Denisse Chávez, an ecofeminist activist, told IPS that the case of the women of Choropampa affected by the mercury spill will be among those presented at the Third International Tribunal for Justice and Defense of Pan-Amazonian-Andean Women’s Rights, which will be held On July 30, 2022, in the city of Belem do Pará, in the Amazon region of Brazil.
The court is one of the emblematic activities that take place within the framework of the 10th Pan-Amazonian Social Forumwhich under the slogan “weaving hope in the Amazon” will bring together for four days some 5,000 people from different countries of the Amazon basin interested in coordinating actions in defense of nature and the Amazon forest.
Chávez, a member of the group organizing the tribunal, which also includes feminist and human rights activists from Brazil, Ecuador, Colombia and Uruguay, denounced the fact that the Peruvian state does not has not required the company to compensate the damage caused to the local population or to make visible the specific impacts on women, over the past 22 years.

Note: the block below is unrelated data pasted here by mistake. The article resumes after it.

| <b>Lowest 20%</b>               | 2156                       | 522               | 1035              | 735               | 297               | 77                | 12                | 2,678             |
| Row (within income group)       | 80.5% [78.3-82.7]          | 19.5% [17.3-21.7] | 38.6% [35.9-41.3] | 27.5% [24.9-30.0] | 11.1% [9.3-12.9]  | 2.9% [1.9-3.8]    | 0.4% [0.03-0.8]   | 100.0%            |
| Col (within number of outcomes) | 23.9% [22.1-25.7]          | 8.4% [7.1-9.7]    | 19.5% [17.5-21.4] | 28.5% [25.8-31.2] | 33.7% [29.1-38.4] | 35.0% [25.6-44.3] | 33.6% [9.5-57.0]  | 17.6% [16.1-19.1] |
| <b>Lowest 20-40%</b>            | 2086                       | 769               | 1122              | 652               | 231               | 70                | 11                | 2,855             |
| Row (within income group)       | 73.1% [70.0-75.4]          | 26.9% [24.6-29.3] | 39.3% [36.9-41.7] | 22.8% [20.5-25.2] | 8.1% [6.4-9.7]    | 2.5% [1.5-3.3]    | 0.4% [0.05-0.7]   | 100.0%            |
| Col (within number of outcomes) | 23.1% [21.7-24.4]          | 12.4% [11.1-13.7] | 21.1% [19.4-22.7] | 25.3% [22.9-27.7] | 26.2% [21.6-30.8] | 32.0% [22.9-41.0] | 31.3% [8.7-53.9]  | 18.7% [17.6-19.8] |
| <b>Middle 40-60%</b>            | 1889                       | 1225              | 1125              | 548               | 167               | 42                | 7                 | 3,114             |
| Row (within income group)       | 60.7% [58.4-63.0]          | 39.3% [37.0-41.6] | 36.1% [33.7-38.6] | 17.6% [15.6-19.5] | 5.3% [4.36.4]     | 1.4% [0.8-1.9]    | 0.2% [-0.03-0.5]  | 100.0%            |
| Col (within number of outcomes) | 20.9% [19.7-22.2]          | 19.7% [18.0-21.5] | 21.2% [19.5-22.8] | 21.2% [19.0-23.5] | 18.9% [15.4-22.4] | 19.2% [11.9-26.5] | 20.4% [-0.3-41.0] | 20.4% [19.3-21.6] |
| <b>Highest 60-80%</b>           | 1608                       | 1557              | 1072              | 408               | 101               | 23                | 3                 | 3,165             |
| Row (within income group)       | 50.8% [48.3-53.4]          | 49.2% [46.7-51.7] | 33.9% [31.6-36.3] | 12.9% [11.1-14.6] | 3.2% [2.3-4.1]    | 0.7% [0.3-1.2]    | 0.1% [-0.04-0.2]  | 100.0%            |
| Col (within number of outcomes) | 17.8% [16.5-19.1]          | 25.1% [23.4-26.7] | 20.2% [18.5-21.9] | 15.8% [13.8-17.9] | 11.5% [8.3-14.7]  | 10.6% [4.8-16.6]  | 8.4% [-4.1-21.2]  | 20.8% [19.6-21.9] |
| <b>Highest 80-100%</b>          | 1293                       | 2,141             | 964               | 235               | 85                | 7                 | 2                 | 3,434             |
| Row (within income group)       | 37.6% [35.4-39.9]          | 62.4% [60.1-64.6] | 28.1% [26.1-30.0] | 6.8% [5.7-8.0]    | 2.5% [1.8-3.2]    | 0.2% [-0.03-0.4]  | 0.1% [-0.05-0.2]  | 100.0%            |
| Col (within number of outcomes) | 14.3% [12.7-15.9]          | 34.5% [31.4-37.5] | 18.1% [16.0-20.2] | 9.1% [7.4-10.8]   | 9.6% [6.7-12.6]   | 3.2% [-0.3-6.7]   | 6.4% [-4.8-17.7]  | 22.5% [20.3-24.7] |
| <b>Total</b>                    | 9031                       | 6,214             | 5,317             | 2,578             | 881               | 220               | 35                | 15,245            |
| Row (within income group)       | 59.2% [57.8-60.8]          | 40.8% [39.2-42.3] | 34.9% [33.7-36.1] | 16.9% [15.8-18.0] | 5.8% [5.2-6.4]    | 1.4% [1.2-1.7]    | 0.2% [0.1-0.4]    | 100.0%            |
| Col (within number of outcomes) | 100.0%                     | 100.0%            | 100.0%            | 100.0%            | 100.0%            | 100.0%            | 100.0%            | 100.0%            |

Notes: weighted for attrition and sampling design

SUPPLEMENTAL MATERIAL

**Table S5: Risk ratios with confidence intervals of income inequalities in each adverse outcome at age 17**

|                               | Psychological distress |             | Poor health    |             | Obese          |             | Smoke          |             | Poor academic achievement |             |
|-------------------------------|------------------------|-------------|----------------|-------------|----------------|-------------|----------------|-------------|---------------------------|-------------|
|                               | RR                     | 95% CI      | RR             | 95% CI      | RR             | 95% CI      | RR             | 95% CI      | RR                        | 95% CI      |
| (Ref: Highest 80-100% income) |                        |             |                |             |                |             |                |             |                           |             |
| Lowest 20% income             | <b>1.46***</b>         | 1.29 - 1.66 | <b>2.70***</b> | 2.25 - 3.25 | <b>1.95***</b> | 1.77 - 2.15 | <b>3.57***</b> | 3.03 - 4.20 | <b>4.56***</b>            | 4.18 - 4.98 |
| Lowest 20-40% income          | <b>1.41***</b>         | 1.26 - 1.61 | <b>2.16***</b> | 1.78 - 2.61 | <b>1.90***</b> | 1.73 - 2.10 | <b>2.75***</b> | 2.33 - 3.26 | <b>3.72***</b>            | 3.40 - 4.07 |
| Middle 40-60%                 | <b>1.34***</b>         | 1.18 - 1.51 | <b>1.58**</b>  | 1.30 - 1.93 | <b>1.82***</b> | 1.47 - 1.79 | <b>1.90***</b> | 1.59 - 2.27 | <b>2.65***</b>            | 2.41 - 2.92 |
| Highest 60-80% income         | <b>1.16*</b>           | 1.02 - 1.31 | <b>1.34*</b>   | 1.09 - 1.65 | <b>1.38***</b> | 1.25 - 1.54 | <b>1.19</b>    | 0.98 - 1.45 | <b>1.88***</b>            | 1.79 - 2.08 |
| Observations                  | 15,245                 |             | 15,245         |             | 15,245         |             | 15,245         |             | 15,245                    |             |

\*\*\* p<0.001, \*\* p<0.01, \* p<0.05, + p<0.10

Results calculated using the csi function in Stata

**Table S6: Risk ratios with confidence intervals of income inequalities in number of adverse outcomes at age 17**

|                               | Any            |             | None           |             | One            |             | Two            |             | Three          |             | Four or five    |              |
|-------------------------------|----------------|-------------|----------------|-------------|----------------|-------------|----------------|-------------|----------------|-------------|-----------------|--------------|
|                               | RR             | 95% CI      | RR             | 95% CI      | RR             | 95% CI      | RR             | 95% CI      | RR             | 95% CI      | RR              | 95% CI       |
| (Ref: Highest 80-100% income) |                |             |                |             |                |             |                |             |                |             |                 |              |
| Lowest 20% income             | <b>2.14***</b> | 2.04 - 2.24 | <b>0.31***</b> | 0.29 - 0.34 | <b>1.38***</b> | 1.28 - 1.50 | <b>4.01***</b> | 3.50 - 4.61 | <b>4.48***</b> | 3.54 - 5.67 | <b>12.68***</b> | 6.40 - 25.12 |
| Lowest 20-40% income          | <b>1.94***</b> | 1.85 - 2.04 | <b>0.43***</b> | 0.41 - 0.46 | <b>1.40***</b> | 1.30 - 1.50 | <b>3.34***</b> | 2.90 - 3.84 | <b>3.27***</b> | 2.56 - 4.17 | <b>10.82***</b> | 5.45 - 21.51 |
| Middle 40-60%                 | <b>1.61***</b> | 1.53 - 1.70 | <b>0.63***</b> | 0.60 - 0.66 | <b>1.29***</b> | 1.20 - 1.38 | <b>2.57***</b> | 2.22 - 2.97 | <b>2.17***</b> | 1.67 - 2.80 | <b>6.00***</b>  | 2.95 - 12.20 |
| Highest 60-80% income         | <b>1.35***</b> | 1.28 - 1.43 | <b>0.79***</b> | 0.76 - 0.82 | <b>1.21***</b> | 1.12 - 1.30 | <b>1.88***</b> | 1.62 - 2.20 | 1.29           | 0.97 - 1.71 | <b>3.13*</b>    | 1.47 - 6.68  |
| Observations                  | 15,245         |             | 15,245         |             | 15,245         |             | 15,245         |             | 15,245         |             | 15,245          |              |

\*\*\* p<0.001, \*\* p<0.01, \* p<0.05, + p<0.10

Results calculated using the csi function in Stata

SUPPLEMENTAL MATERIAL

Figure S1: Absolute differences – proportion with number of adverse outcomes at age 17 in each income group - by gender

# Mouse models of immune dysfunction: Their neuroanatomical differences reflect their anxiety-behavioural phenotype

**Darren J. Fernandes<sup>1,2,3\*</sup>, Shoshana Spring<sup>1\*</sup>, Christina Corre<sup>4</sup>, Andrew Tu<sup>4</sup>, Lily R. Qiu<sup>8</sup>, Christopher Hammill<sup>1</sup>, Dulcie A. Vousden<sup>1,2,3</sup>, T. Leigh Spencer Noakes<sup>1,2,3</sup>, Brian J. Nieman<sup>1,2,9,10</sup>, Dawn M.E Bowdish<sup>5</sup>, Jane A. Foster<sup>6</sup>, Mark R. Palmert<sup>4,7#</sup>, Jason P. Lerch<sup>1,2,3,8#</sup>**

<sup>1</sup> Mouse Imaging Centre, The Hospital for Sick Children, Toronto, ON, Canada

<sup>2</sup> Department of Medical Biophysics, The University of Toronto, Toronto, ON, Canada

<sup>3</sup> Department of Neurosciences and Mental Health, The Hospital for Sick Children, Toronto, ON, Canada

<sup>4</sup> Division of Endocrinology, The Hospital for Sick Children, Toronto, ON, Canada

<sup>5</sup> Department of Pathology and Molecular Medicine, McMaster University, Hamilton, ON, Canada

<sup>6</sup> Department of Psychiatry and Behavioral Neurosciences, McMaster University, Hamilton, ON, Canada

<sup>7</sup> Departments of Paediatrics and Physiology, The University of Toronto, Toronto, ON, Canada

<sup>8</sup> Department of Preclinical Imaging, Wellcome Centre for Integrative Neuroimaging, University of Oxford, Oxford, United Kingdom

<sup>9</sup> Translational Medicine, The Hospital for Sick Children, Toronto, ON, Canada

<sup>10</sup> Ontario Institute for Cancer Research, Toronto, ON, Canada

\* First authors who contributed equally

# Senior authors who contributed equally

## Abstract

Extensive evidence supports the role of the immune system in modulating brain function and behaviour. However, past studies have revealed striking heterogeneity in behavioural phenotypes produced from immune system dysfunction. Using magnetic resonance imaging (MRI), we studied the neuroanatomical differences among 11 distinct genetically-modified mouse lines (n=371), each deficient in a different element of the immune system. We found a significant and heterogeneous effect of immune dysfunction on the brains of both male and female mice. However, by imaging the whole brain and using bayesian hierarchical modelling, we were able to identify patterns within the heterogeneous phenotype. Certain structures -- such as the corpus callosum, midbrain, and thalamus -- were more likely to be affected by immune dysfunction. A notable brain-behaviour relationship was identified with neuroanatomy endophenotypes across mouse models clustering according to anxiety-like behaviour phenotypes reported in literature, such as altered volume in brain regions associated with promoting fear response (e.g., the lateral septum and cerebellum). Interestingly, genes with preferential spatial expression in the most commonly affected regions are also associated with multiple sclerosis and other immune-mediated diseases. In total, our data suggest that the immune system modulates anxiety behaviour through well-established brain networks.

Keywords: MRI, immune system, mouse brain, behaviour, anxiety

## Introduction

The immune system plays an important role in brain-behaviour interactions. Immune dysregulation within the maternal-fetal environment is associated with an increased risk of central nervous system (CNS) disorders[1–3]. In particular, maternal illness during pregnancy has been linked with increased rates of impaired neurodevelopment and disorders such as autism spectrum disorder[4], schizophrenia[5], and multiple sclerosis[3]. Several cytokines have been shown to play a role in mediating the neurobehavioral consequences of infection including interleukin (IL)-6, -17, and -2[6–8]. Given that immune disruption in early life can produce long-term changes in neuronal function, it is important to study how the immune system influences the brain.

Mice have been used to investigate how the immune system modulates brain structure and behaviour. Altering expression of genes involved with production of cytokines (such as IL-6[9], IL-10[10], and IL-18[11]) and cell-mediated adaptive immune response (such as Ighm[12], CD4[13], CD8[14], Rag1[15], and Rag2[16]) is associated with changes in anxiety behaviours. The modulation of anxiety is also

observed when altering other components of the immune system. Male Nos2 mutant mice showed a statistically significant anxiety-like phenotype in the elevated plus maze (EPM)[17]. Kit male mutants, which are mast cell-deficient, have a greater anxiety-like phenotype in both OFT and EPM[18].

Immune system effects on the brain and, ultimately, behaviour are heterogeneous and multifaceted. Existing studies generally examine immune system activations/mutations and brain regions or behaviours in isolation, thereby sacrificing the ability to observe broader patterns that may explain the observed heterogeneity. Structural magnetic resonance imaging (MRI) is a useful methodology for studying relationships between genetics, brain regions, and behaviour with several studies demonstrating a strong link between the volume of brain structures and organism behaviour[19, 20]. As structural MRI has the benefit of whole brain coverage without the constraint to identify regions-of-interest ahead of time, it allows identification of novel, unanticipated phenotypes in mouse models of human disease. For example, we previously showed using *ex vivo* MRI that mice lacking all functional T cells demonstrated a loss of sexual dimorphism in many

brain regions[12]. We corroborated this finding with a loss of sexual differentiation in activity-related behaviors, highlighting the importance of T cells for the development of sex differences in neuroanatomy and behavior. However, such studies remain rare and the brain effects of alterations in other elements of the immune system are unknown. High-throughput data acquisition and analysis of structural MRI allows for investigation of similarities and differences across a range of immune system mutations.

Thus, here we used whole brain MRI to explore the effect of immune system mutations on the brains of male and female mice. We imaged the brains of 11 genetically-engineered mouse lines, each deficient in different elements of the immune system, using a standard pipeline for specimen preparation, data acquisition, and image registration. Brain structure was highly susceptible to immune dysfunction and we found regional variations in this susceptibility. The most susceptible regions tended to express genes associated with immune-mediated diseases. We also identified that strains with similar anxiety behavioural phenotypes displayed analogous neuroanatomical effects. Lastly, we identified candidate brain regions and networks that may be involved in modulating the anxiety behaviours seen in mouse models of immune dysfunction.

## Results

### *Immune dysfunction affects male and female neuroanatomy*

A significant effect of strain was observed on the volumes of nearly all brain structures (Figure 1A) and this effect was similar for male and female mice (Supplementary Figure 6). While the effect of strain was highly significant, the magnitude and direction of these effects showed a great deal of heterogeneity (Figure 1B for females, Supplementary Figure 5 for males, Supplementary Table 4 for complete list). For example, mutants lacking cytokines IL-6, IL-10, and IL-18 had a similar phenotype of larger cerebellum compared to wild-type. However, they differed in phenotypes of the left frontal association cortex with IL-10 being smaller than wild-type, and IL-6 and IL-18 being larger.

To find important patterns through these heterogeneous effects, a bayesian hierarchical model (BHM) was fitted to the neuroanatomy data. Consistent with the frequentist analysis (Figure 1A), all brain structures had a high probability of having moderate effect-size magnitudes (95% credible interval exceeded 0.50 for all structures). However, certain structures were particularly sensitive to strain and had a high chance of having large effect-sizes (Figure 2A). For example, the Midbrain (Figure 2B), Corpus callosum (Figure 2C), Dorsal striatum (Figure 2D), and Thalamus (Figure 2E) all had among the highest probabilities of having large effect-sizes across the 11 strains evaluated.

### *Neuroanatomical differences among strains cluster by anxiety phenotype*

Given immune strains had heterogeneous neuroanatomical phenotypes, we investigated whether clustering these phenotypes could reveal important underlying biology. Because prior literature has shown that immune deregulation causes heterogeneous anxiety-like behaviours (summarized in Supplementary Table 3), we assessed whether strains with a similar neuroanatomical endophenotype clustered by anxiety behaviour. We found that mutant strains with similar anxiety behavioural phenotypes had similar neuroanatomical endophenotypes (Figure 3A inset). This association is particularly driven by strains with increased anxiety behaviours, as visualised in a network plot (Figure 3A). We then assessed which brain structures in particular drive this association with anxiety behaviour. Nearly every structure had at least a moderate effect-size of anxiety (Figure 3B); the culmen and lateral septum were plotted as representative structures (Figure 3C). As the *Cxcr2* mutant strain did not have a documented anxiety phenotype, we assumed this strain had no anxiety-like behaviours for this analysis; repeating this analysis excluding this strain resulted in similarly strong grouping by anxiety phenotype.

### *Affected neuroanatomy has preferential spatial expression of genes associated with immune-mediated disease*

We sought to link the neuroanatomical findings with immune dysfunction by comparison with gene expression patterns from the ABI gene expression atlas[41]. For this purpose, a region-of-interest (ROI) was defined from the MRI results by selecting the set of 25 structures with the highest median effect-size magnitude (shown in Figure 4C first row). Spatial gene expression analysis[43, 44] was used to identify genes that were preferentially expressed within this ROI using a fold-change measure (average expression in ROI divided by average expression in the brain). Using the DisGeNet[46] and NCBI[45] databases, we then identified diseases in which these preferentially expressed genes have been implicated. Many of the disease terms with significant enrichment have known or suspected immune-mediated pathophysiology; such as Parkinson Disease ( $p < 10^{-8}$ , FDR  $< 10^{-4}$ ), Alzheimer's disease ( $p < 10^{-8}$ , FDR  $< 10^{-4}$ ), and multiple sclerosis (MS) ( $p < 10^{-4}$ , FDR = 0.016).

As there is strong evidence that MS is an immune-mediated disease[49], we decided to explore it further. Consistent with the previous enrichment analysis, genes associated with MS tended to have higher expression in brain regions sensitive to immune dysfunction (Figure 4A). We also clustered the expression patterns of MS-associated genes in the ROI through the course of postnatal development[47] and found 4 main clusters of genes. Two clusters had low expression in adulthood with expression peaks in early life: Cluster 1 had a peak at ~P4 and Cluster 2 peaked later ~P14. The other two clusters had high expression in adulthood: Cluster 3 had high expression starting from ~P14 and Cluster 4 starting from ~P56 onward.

“Choropampa is an area far from the city and with a very vulnerable population, with high rates of poverty and illiteracy. In more than two decades, no government has shown interest in solving the problems while the mining company continues to offer solutions on an individual basis, which is violent since the money is offered so that people do not talk “, she added.
She said the tribunal will bring the case international visibility, like others from Brazil, Colombia and Ecuador, which “have in common the impact that extractive economic activities have on the life of our peoples and in particular on the body of women, which is still not taken into account or discussed.
The ethical and symbolic court will issue a judgment specifying the violations of women’s human rights and the obligations incumbent on States and economic actors.
Chávez said the document would be sent to Peruvian authorities, both in Cajamarca and nationally. “We cannot allow impunity in the Choropampa case; we will continue to keep the memory of what happened alive,” she said.
In December last year, the Peruvian government approved the creation of a “Special Multisectoral Plan for Integral Intervention in favor of the population exposed to heavy metals, metalloids and other toxic chemical substances”, which will include the different regions whose people have been harmed. by polluting activities.
Pérez pointed out that the government’s decision was the result of pressure from civil society and groups affected by heavy metals. But Choropampa was not included in this first stage, despite the lasting impact on its population and soils.
“It is meant to expand gradually but we will be watching closely what decisions are made as an attention protocol and budgets for diagnostics need to be developed,” she said.